God Is Green as Well as Good: How Nobel Laureate Wangari Maathai Changed the World One Tree at a Time

Wangari Maathai (Martin Rowe, 2002, provided by Crown Publishing)

Wangari Maathai, 2004 Nobel Peace Prize winner and founder of The Green Belt Movement, Yale Club, New York City. (Martin Rowe. Copyright, 2002. Photo provided courtesy of The Crown Publishing Group.)

The late Wangari Maathai loved trees almost as much as she did God and her fellow human beings. In 2004, her name was given its own page in the history of our world when she became a Nobel Laureate – the first woman from Africa to ever be awarded the Nobel Peace Prize.

Officially recognized “for her contribution to sustainable development, democracy and peace,” Maathai caught the eyes of Nobel Committee members because she created what eventually became known as The Green Belt Movement.

She began to attract the world’s notice by inspiring Kenyan women to plant trees in 1977 as a means of reversing the severe crop damage wrought by deforestation and chronic water shortages. She and her fellow Kenyans did so with such enthusiasm and success that the green belt movement spread to other nations across Africa and the globe.

Ultimately, more than 45 million trees were planted as a result of this one woman’s passion and brilliance. Let that sink in for a minute.

Forty-five million trees (45,000,000).

One woman.

A Force of Nature

Born in Nyeri, Kenya in 1940, Wangari Maathai grew up to become the first woman from East and Central Africa to earn a doctorate in biology, as well as the first female professor ever in her beloved country. By the time of her death in 2011, she had also become a genuine hero to the worldwide modern environmental and women’s rights movements.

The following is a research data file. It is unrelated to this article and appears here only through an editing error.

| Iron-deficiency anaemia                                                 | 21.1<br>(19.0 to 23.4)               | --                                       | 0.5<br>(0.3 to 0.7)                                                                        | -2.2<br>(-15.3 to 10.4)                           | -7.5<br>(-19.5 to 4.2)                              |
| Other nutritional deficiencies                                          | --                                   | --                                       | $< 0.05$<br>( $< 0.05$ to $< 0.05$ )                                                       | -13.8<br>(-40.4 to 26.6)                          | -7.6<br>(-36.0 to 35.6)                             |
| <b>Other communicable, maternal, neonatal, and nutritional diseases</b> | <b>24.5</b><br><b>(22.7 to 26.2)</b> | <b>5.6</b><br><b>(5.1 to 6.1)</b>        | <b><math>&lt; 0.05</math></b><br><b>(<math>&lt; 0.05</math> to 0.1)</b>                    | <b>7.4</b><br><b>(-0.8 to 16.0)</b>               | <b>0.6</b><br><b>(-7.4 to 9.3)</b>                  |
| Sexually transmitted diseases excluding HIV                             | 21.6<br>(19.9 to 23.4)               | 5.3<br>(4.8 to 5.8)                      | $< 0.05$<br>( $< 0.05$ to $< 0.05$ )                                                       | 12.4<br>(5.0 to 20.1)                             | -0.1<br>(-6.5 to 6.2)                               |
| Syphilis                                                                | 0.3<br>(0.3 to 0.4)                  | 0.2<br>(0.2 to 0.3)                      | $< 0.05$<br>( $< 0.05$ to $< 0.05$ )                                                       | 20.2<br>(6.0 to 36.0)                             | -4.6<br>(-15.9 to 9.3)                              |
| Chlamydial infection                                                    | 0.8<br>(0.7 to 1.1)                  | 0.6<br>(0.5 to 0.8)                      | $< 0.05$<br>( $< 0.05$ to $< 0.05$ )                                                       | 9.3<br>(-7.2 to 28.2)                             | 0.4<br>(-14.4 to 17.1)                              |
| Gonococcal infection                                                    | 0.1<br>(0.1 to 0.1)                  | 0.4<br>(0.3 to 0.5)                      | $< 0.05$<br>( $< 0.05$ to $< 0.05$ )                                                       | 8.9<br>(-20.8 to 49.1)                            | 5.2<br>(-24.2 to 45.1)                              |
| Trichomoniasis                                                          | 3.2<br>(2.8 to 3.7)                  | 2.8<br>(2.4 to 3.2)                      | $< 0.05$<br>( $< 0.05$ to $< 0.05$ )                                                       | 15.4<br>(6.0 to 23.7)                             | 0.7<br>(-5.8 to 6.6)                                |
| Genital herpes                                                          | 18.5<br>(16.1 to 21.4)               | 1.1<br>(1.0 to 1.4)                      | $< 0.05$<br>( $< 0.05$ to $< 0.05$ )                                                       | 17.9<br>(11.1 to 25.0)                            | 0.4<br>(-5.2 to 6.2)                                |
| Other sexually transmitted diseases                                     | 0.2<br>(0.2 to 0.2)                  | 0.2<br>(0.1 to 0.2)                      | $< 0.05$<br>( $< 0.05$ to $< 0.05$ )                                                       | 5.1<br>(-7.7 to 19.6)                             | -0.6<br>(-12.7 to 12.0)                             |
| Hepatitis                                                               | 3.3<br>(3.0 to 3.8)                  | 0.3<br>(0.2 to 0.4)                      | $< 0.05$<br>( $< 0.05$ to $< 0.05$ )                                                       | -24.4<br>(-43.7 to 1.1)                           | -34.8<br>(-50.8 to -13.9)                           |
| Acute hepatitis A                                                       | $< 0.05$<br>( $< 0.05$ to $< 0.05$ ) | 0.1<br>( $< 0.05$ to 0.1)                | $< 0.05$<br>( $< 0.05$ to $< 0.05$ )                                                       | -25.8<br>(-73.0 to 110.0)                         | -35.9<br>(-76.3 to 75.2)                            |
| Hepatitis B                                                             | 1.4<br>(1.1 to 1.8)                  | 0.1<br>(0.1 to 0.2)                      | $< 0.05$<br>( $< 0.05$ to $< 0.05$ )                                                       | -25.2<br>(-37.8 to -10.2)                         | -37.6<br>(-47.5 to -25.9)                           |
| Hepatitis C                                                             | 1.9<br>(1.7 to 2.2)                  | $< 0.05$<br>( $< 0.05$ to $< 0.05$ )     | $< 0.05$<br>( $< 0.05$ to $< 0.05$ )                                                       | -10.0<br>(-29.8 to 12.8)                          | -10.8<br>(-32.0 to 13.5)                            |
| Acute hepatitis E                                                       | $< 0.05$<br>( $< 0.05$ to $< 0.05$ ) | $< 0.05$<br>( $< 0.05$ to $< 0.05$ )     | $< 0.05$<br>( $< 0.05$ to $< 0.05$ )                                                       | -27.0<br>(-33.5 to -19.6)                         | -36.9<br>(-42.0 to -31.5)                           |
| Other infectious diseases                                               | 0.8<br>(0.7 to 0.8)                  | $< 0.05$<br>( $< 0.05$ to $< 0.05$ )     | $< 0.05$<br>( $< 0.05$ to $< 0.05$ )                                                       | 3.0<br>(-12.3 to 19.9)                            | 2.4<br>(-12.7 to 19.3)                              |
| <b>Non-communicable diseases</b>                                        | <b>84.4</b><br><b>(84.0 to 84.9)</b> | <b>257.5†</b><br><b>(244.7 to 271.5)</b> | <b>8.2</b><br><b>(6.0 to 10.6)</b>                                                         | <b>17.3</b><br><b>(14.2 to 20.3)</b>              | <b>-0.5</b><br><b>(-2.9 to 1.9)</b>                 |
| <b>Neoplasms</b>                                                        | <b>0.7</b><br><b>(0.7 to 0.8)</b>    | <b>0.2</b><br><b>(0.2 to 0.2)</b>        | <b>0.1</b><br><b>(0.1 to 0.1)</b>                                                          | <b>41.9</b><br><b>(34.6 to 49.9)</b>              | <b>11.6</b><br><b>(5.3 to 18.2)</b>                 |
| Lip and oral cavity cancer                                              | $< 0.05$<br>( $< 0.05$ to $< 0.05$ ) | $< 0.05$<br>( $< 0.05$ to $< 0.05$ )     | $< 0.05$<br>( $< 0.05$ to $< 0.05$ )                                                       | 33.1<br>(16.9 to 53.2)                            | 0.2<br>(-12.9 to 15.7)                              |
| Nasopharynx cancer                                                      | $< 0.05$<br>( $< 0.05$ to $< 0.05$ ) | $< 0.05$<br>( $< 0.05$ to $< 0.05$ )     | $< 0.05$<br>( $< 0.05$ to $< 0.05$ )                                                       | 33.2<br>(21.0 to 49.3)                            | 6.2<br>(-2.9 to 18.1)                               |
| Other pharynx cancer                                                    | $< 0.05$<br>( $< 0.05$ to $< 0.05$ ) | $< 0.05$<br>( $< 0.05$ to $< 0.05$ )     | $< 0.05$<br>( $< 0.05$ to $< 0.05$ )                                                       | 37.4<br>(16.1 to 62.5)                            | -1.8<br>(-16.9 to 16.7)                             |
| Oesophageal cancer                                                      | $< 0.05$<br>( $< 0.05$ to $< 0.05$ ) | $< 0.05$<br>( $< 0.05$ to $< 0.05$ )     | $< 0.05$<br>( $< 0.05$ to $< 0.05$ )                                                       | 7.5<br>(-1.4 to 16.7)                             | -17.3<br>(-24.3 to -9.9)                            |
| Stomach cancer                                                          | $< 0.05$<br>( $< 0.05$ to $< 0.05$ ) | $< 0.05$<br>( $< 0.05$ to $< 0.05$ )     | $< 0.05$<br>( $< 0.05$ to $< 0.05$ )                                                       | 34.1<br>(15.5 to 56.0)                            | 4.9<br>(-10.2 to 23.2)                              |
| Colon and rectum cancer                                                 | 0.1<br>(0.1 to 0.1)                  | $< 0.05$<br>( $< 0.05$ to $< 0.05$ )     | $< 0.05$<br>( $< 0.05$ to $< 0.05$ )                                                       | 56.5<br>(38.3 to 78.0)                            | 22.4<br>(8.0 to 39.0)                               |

Beginning with a grassroots program of Civic and Environmental Education (CEE) in 1977, Dr. Maathai and her Green Belt Movement (GBM) inspired thousands of Kenyans to reconnect spiritually and socially with their natural world. Her programs taught men, women and children about the relationship between environmental degradation and poverty, spurring them to right action on issues from resource management to respect for the rights of women and children.

As a result, this one woman and her small army of deeply spiritual volunteers helped to restore the forest cover in Kenya’s five most critical water catchment areas – areas that still impact the availability of water for more than 90 percent of that country’s population – and she also motivated her nation to engage in capacity building through Women for Change, an initiative designed to provide women and girls with the resources and training necessary to tackle poverty, food insecurity and HIV/AIDS.

A publicly elected member of Kenya’s Parliament from 2002 to 2007, Dr. Maathai served as Kenya’s deputy minister for the Environment and Natural Resources from 2003 to 2007, and was also appointed as a United Nations Messenger of Peace by UN Secretary General Ban Ki-moon in 2009.